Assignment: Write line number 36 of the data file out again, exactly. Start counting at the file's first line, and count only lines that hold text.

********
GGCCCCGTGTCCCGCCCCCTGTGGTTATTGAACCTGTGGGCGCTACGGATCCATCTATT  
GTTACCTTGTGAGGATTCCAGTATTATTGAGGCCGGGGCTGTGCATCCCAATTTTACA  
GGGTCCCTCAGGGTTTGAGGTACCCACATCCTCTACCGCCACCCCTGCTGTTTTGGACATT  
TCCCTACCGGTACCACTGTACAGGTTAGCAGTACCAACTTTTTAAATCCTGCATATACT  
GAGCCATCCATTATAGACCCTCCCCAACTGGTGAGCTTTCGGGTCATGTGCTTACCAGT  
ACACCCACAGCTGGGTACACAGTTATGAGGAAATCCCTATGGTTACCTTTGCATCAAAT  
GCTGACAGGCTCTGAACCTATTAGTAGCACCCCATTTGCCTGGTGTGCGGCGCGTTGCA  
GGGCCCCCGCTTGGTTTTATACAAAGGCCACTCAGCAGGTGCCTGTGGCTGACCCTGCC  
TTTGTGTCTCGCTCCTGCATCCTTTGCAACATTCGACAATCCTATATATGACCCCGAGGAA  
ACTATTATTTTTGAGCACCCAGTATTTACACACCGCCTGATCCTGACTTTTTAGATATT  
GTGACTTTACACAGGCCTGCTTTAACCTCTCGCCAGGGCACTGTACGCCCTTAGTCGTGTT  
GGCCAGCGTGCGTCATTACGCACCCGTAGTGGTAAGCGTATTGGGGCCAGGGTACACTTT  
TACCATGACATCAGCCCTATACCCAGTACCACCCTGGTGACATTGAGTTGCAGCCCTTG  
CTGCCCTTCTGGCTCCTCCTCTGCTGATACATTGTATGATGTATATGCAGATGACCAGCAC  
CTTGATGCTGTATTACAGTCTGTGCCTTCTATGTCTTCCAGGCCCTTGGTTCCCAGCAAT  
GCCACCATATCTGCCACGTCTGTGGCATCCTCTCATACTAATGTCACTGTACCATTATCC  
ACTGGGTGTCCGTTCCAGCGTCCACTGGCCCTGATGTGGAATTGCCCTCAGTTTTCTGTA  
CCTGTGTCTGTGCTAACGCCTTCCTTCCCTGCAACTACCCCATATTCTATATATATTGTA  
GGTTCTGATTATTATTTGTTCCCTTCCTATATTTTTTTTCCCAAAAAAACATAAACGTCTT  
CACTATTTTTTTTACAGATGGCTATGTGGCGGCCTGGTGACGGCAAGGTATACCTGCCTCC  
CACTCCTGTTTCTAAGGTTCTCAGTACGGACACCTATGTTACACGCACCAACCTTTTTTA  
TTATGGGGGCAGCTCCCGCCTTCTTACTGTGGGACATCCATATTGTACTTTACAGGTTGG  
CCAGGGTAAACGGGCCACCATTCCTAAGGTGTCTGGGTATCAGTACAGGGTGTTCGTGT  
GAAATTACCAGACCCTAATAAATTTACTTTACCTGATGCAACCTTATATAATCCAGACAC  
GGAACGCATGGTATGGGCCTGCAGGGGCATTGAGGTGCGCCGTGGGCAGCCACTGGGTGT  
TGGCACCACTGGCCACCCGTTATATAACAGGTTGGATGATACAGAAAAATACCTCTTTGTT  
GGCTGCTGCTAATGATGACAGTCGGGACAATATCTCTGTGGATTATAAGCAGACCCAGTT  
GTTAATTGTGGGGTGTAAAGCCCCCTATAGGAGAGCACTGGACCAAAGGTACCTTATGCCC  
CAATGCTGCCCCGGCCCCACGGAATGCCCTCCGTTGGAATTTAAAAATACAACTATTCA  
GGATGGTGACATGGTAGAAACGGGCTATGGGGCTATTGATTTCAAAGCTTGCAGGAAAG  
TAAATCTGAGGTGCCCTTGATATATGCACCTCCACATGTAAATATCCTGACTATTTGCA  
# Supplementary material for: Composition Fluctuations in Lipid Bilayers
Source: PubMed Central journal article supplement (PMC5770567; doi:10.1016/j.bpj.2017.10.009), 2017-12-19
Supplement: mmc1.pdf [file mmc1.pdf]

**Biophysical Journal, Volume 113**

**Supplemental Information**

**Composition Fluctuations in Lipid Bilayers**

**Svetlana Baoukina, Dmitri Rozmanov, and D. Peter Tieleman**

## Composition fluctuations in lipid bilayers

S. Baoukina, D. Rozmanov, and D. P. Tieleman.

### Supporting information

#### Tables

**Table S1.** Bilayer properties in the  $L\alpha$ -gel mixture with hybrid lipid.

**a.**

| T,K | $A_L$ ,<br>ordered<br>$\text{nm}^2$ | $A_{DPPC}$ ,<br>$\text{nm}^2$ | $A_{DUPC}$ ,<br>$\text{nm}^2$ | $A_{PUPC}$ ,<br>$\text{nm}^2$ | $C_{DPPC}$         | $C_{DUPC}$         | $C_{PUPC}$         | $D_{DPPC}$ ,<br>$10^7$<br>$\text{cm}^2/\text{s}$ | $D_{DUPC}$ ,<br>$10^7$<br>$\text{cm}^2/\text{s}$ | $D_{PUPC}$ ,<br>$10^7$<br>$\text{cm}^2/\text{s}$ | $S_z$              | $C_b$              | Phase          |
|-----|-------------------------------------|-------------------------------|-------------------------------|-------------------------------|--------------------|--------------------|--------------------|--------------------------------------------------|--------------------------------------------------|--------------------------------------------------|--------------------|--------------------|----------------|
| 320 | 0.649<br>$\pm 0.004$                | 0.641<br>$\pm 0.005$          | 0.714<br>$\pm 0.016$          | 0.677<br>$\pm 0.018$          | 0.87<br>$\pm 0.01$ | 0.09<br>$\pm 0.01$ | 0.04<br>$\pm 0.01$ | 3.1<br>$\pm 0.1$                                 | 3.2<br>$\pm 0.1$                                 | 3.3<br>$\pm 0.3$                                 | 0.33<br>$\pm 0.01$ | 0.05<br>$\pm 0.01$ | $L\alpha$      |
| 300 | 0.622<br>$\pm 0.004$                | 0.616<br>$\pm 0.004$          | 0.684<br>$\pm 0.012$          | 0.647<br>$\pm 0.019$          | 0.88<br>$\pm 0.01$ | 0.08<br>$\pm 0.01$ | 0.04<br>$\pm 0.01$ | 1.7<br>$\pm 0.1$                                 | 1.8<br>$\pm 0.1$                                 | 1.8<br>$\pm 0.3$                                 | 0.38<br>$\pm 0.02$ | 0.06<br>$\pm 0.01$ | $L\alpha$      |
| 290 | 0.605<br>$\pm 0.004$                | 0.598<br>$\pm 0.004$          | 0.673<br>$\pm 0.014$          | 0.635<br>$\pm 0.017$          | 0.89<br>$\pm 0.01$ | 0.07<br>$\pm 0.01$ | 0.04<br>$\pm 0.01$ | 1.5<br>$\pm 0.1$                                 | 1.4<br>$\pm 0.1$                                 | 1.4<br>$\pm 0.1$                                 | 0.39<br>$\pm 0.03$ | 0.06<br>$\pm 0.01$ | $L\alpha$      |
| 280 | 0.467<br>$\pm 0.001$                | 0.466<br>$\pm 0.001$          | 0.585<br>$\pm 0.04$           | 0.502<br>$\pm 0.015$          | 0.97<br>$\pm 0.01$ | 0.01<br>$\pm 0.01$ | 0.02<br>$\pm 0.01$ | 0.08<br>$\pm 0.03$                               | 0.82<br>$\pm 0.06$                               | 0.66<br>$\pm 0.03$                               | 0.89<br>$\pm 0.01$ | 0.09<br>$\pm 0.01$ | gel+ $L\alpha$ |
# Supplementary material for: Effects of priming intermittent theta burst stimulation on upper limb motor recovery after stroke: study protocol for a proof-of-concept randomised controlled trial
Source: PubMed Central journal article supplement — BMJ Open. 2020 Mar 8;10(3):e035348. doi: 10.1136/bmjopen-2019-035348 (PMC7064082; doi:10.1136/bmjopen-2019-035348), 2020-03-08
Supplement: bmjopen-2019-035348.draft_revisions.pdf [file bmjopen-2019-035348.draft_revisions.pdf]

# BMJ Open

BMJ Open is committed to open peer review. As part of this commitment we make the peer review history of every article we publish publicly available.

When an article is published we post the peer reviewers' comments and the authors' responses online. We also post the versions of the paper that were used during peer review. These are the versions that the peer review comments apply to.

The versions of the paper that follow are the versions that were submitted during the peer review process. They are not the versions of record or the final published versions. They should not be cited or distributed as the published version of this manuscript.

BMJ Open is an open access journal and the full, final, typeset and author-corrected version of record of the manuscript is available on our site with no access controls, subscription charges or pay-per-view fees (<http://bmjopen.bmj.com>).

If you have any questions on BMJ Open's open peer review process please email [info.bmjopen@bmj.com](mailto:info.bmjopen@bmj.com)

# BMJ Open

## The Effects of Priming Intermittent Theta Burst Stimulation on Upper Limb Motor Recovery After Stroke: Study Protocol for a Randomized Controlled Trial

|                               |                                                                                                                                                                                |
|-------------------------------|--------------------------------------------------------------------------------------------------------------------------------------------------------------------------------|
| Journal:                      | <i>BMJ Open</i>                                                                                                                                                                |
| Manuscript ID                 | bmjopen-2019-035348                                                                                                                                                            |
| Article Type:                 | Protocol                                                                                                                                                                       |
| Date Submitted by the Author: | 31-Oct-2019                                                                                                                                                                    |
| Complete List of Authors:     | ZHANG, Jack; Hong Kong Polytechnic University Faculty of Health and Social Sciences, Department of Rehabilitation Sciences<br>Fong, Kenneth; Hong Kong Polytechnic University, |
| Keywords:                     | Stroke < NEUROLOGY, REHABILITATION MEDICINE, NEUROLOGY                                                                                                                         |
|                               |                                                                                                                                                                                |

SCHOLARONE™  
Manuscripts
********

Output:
**Supplemental Information**